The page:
Osteopathy is a medical healthcare profession that utilises a patient-focused, physical approach to restoring, maintaining and promoting physical and psychosocial well-being. Osteopathy focuses on a whole-body approach and applies a variety of techniques to free up joint restrictions, increase spinal and soft tissue flexibility, improve circulation and provide advice and exercises relevant to the individual person and their presenting condition.
(The British Osteopathic Association).
Visceral Osteopathy is the treatment of internal organs ( digestive tract, respiratory and reproductive systems) and their ligamentous and facial attachments. The treatment uses the osteopathic philosophy to normalize circulation and blood supply to the organs.
‘By restoring a normal functional relationship between the organs & their neighbouring structures, the osteopath can guide the body from dysfunction towards better health’.
Visceral osteopathic techniques can be applied to the diaphragm, liver, lungs, kidneys, stomach, intestines, bladder and gynaecological organs.
Comparative studies found visceral manipulation beneficial for various disorders
• Seatbelt Injuries
• Chest or Abdominal Sports Injuries
• Bloating and Constipation
• Nausea and Acid Reflux
Women’s and Men’s Health Issues
• Chronic Pelvic Pain
• Fibroids and Cysts
• Effects of Menopause
• Somatic-Visceral Interactions
• Chronic Spinal Dysfunction
• Headaches and Migraines
• Carpal Tunnel Syndrome
• Peripheral Joint Pain
Pain Related to
• Post-operative Scar Tissue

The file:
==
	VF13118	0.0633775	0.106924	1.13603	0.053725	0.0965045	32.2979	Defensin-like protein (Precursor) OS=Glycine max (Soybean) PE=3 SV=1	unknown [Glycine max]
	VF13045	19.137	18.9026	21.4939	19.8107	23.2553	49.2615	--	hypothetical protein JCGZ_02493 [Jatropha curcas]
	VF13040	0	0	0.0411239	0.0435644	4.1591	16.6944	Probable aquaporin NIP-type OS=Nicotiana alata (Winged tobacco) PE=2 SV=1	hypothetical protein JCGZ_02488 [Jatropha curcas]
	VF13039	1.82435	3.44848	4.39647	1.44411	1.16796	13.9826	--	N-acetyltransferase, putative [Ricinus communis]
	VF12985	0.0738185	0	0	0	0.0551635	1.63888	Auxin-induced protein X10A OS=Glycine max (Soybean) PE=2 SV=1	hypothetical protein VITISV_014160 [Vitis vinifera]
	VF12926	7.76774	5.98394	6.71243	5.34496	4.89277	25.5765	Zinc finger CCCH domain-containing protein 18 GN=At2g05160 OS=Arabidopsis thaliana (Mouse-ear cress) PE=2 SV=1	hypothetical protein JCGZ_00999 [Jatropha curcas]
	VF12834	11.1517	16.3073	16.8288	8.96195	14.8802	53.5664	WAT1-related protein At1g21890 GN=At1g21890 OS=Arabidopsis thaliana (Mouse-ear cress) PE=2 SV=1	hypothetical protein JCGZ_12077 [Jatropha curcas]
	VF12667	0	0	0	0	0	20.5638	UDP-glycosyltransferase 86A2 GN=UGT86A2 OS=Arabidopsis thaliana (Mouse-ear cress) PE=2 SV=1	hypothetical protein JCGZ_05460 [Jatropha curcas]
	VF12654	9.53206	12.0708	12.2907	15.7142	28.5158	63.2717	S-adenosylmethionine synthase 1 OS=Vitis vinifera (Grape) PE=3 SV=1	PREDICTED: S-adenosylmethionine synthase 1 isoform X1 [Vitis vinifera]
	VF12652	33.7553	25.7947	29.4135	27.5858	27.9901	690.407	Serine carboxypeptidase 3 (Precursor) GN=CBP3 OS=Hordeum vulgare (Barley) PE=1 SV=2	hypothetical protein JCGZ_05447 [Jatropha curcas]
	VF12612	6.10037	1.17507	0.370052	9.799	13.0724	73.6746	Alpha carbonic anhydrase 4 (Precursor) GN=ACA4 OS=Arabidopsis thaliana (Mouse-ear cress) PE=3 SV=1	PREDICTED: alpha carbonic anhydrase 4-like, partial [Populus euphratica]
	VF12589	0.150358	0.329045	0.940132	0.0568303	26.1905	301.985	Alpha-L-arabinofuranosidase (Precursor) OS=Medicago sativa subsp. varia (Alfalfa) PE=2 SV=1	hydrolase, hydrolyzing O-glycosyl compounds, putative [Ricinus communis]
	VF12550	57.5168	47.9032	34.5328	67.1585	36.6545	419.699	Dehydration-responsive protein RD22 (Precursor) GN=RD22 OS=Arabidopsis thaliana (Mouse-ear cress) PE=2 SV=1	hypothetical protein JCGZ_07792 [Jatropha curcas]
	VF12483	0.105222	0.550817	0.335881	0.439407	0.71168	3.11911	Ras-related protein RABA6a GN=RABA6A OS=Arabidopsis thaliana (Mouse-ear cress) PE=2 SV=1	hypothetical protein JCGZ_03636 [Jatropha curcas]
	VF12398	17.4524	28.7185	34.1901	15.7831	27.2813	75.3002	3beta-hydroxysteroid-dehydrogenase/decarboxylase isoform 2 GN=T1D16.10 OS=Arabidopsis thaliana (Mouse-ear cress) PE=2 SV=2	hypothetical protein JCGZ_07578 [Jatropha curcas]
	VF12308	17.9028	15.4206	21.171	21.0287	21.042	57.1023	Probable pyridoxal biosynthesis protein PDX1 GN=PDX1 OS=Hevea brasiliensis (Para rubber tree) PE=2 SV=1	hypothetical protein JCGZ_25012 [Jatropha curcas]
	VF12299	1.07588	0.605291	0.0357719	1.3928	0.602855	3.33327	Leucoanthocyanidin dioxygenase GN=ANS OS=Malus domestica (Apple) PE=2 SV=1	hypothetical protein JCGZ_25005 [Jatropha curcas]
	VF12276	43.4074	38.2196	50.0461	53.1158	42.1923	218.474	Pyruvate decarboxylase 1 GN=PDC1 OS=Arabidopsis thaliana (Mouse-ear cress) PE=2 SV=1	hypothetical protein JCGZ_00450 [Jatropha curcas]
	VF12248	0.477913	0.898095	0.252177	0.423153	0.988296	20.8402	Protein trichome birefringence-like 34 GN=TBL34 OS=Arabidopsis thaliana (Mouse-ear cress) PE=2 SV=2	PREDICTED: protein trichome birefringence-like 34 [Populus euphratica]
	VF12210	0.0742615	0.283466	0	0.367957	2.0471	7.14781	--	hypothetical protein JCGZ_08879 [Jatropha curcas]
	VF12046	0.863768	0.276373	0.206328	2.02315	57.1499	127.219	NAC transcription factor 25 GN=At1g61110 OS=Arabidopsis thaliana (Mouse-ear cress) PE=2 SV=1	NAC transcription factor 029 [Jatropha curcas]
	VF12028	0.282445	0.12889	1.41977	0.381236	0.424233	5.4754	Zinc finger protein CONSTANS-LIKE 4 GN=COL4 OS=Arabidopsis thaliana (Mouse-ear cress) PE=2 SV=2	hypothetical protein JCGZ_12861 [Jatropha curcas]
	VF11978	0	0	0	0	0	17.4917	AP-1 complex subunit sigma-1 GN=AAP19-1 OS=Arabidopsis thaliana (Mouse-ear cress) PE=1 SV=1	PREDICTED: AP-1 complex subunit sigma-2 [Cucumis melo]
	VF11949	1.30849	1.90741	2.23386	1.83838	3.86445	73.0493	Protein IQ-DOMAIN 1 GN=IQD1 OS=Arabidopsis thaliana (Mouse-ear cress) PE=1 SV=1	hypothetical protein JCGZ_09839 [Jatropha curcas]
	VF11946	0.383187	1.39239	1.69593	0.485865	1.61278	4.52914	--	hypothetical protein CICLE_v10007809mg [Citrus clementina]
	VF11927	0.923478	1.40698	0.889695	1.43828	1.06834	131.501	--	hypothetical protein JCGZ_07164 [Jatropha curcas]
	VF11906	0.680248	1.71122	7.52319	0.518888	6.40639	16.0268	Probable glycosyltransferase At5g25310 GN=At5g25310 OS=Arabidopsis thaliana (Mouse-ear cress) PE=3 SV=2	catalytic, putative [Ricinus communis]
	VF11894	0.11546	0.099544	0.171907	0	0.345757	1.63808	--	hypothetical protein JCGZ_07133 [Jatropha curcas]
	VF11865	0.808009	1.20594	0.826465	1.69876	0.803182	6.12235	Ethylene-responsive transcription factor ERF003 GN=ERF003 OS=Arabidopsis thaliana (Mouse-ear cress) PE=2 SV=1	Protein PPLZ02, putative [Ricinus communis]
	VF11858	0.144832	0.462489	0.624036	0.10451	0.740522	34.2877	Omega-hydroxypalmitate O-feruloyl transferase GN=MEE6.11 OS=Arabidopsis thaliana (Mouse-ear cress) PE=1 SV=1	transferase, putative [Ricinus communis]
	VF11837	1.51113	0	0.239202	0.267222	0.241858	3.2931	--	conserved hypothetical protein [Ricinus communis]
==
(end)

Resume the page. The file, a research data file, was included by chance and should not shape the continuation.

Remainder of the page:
• Post-infection Scar Tissue
• Constipation and Gastritis
• Persistent Vomiting
• Infant C
The prime purpose of sports massage therapy is to help alleviate the stress and tension which builds up in the body’s soft tissues during physical activity. Where minor injuries and lesions occur, due to overexertion and/or overuse, massage can break them down quickly and effectively. Above all, it can help prevent those niggling injuries that so often get in the way of performance and achievement, whether one is an athlete, ardent keep-fitter or a once a week jogger.
This treatment is not just for the sports person: anyone can benefit from sports massage, including people in physically demanding jobs and those not quite so obvious (occupational, emotional and postural stress may produce many similar characteristics to sports injuries).
Sports massage tends to be deeper and more intense. It is based on the various elements of Swedish massage and often incorporates a combination of other techniques involving stretching, compression, friction, toning, and trigger point response techniques similar to Acupressure and Shiatsu. The skilled therapist brings together this blend of techniques, knowledge and advice during treatment, to work effectively with the client to bring about optimum performance and to provide injury-free training and minimise post-event injuries.
During pregnancy, the body changes to accommodate the increasing size and weight of the uterus and osteopathic treatment can help to relieve aches and pains as the mother’s body tries to accommodate the growing baby. This can display as problems such as lower back pain, sciatica, hip and pelvic pain, neck and shoulder tension, nausea, indigestion, heartburn, symphysis pubis dysfunction, post-natal coccyx pain. Advice and exercises are also given as pregnancy involve considerable changes to posture.